This weekend Mrs VHD and I headed to the Maine woods for a few days in the wilderness. Our weekend residence was a cabin nestled in the mountains near Andover, surrounded by trees, mountains, miles of hiking trails and little else. This was it, my first chance to get on the Appalachian Trail. For more than ten years I’ve read stacks of books about it; everything from AWOL On The Appalachian Trail, Walking The Appalachian Trail and Walking With Spring to Long Distance Hiking–Lessons From The Appalachian Trail and A Walk In The Woods to name a few. I was ready.
We approached the trail from Sawyer’s Notch and there it was, my first white blaze. From where I was standing if I went north I would head deeper into Maine and eventually reach Mount Katahdin (which is no mean feat), if I headed south I could walk all the way to Springer Mountain in Georgia. Amazing.
We chose to head south up to Hall Mountain lean-to. I had butterflies as we headed up the steep rise following a tumbling stream. It looked as if we were the first people to get up there for some time–the previous register entry was from November 2011 and there was no sign of any other human footprints. There was still a decent amount of snow on the mountain, all of it undisturbed. We had lunch at the lean-to and poked around a bit, reading the funny entries in the register and relaxing before we headed back down.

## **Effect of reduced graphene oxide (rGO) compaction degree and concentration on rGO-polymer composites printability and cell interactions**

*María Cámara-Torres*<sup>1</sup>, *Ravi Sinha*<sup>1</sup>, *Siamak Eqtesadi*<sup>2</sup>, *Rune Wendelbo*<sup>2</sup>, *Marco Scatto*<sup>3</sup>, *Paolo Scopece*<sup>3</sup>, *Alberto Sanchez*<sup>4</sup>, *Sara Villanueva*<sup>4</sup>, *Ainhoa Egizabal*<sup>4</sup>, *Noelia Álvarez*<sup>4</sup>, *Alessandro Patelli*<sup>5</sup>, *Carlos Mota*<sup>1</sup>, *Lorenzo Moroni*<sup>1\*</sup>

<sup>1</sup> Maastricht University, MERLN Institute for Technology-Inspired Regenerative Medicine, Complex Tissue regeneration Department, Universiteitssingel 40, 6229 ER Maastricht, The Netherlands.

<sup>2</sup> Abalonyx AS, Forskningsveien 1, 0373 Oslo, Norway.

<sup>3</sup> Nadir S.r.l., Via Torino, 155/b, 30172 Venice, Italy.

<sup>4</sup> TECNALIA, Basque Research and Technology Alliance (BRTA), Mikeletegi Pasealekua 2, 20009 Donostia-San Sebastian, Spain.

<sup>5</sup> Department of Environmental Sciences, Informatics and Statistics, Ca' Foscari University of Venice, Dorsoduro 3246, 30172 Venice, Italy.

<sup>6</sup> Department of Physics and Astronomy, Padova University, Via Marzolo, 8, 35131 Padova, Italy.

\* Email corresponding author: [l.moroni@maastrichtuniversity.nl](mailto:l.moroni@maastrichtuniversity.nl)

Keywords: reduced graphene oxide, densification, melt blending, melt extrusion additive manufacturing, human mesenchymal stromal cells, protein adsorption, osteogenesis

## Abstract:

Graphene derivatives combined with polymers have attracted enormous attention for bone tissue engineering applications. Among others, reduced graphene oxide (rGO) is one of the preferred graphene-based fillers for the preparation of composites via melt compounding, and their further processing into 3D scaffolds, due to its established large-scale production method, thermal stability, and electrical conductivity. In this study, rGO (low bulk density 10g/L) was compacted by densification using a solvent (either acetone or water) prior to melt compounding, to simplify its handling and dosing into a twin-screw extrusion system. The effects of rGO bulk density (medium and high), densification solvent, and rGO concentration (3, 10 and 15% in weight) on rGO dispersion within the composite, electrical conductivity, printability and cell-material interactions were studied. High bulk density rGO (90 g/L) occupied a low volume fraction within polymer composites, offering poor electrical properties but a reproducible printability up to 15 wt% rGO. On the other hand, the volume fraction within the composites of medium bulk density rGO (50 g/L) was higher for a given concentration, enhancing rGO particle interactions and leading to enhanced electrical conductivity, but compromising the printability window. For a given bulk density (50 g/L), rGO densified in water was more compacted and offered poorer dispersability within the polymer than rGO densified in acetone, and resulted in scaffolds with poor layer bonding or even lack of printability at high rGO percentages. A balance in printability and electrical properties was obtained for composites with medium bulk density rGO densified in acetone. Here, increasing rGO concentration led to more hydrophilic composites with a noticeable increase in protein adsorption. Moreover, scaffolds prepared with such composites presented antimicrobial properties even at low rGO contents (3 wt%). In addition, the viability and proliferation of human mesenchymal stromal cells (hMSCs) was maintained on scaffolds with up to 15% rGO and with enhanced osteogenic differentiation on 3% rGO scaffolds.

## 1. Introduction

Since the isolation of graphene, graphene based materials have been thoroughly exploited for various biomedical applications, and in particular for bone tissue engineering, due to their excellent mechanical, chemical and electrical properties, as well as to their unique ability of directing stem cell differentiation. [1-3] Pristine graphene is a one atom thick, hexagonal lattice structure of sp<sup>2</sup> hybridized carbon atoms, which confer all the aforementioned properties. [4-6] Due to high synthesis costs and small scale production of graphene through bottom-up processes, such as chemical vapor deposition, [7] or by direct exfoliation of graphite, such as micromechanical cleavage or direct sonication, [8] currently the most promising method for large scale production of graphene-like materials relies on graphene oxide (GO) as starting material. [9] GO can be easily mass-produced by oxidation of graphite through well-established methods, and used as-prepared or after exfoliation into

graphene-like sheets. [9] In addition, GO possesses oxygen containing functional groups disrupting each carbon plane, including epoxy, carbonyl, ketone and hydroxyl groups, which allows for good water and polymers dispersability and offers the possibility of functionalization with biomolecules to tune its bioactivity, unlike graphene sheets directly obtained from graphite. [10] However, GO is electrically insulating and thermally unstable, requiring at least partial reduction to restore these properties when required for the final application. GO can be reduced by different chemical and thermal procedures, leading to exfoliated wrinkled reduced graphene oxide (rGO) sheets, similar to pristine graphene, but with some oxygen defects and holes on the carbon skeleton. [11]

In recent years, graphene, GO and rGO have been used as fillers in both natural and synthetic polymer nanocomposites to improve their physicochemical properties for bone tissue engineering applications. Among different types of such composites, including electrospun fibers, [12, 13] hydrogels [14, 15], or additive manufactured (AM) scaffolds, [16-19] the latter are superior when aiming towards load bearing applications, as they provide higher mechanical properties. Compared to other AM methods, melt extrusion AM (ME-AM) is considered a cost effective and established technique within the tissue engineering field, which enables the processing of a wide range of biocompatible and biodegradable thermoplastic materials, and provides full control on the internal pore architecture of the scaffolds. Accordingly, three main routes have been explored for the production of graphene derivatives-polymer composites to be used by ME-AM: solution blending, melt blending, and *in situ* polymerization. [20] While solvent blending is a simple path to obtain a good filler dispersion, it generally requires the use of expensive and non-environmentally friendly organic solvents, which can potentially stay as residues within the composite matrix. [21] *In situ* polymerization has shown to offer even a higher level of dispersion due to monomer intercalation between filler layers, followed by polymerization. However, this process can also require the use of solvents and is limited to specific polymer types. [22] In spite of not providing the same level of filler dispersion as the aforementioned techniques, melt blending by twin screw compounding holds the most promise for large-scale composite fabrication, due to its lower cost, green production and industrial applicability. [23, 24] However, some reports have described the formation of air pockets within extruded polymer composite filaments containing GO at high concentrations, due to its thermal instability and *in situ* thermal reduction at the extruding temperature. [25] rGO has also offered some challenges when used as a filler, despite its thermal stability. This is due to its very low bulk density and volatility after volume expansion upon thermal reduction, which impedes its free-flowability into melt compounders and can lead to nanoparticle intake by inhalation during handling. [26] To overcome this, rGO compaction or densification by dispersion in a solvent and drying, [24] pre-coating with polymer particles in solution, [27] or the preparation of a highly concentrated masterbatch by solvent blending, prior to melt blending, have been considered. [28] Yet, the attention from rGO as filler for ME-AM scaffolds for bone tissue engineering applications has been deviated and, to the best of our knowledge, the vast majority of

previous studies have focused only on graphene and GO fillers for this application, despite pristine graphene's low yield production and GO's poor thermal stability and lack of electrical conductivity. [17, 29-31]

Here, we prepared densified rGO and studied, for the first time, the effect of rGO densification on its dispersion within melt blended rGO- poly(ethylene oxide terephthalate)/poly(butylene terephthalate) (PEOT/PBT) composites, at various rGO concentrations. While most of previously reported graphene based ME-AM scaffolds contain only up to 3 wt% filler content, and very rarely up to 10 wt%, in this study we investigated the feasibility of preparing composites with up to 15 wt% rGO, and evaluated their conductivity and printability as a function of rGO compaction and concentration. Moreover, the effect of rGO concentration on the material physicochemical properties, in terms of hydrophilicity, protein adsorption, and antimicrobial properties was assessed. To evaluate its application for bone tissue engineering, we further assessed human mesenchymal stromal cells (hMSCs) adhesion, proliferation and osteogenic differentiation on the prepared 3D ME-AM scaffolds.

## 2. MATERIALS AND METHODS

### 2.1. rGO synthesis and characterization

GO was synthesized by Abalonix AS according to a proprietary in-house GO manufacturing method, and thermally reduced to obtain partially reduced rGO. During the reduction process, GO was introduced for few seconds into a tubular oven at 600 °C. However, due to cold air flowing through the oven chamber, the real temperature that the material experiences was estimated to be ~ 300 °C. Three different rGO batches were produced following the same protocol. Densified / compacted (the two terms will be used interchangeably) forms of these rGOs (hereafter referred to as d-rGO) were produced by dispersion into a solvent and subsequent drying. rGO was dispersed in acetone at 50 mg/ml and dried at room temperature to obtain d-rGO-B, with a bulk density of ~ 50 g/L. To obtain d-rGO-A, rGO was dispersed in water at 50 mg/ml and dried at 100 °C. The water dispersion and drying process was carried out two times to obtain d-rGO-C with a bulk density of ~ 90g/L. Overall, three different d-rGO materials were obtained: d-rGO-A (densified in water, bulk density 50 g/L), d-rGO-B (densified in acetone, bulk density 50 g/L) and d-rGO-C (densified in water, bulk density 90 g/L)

It sounds strange but it was a weird feeling being on the trail for the first time, walking where the likes of Myron Avery, Earl Shaffer and Grandma Gatewood (amongst thousands of others) have previously trodden. I dearly look forward to seeing more of the trail.
“To those who would see the Maine wilderness, tramp day by day through a succession of ever delightful forest, past lake and stream, and over mountains, we would say: Follow the Appalachian Trail across Maine. It cannot be followed on horse or awheel. Remote for detachment, narrow for chosen company, winding for leisure, lonely for contemplation, it beckons not merely north and south but upward to the body, mind and soul of man.” – Myron Avery, In the Maine Woods, 1934